Support the Café

Search our Site

What happens to those who are deported?

What happens to those who are deported?

The Washington Office of the Episcopal Church reports on work to change the immigration and deportation practices of the U.S. What happens to those who are deported to Mexico?

In the coming weeks, the Obama administration is expected to conclude its review of immigration enforcement policies. The administration is likely to announce that it will suspend deportations for certain categories of migrants who have not committed serious crimes, including those serving in the U.S. military. While these changes would fall short of the demand made by many immigration advocates to halt deportations altogether, they could significantly reduce the total number of deportations. Nonetheless, many individuals will still be deported, including many Mexican nationals. If the administration truly aims to make deportations more “humane,” it must also pay attention to what happens to Mexican migrants after they are repatriated at the U.S.-Mexico border, and it must recognize that deporting migrants to dangerous parts of the border, especially in the night, places them in grave and unnecessary risk.

The current situation in the Mexican state of Tamaulipas, which borders Southeast Texas, clearly illustrates the potential risks faced by migrants at the border. In recent weeks there has been a sharp increase in violence in Tamaulipas. Daytime gun battles have been common: at least 64 people were killed in a series of shootings in April, including fourteen people who died on April 29 in a series of daytime shootouts in the border town of Reynosa. Two of the dead were federal police officers. On May 5, gunmen shot and killed the head of intelligence for the Tamaulipas Secretary of Public Security (Secretaría de Seguridad Pública, SSP) and his two bodyguards.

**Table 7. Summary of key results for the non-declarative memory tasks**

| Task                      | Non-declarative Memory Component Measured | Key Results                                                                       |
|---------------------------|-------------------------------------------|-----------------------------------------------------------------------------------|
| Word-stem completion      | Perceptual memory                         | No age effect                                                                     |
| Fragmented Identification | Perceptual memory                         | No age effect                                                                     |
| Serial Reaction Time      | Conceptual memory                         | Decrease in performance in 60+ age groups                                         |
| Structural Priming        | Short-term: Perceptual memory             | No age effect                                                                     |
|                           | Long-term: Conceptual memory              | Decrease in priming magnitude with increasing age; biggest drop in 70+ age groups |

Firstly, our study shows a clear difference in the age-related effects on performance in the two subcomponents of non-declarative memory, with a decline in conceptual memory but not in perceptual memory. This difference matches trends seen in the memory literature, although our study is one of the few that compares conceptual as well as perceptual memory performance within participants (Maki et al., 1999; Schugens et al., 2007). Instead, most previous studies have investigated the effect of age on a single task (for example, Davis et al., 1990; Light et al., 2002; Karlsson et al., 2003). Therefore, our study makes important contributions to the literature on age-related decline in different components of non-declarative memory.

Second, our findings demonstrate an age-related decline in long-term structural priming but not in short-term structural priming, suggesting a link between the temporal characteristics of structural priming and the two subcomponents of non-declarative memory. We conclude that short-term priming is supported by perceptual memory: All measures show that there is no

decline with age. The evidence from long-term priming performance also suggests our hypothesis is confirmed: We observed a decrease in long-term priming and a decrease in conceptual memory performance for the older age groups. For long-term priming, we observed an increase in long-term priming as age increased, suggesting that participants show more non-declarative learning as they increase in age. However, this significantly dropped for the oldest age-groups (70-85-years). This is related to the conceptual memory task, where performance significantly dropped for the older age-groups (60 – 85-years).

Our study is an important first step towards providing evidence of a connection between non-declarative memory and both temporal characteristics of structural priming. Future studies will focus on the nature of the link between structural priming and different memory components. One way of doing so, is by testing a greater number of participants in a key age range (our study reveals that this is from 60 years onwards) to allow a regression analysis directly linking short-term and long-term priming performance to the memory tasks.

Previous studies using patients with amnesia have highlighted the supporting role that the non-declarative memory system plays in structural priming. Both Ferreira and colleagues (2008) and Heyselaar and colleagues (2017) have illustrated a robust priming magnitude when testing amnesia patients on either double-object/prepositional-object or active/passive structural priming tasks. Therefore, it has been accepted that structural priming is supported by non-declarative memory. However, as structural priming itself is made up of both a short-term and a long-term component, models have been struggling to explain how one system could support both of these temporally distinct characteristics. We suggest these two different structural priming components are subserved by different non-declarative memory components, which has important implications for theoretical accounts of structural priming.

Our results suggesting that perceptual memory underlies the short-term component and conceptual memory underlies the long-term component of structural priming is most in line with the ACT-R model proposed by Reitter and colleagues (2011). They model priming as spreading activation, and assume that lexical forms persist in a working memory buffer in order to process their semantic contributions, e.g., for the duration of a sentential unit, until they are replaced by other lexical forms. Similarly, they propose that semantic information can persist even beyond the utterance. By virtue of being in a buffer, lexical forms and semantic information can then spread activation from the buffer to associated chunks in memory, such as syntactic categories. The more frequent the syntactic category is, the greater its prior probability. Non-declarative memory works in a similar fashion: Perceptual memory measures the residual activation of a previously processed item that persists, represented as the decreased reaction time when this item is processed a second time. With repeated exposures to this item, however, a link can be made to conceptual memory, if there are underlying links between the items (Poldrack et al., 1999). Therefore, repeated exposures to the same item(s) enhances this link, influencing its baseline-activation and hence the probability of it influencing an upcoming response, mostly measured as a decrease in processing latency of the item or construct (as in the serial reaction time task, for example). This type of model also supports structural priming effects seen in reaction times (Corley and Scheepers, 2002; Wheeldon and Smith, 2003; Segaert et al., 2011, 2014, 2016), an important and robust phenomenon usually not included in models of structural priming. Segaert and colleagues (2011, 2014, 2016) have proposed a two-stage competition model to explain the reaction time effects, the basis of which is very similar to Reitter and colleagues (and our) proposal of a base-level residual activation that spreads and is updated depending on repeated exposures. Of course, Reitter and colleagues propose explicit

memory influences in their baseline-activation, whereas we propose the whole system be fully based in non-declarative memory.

For a full report of the Episcopal Church resolutions and bills pending in Congress to reform immigration laws and polices read here.

To make your voice heard sign up here.


Café Comments?

Our comment policy requires that you use your real first and last names and provide an email address (your email will not be published). Comments that use non-PG rated language, include personal attacks, that are not provable as fact or that we deem in any way to be counter to our mission of fostering respectful dialogue will not be posted.

Support the Café
Past Posts

The Episcopal Café seeks to be an independent voice, reporting and reflecting on the Episcopal Church and the Anglican tradition.  The Café is not a platform of advocacy, but it does aim to tell the story of the church from the perspective of Progressive Christianity.  Our collective sympathy, as the Café, lies with the project of widening the circle of inclusion within the church and empowering all the baptized for the role to which they have been called as followers of Christ.

The opinions expressed at the Café are those of individual contributors, and, unless otherwise noted, should not be interpreted as official statements of a parish, diocese or other organization. The art and articles that appear here remain the property of their creators.

All Content  © 2017 Episcopal Café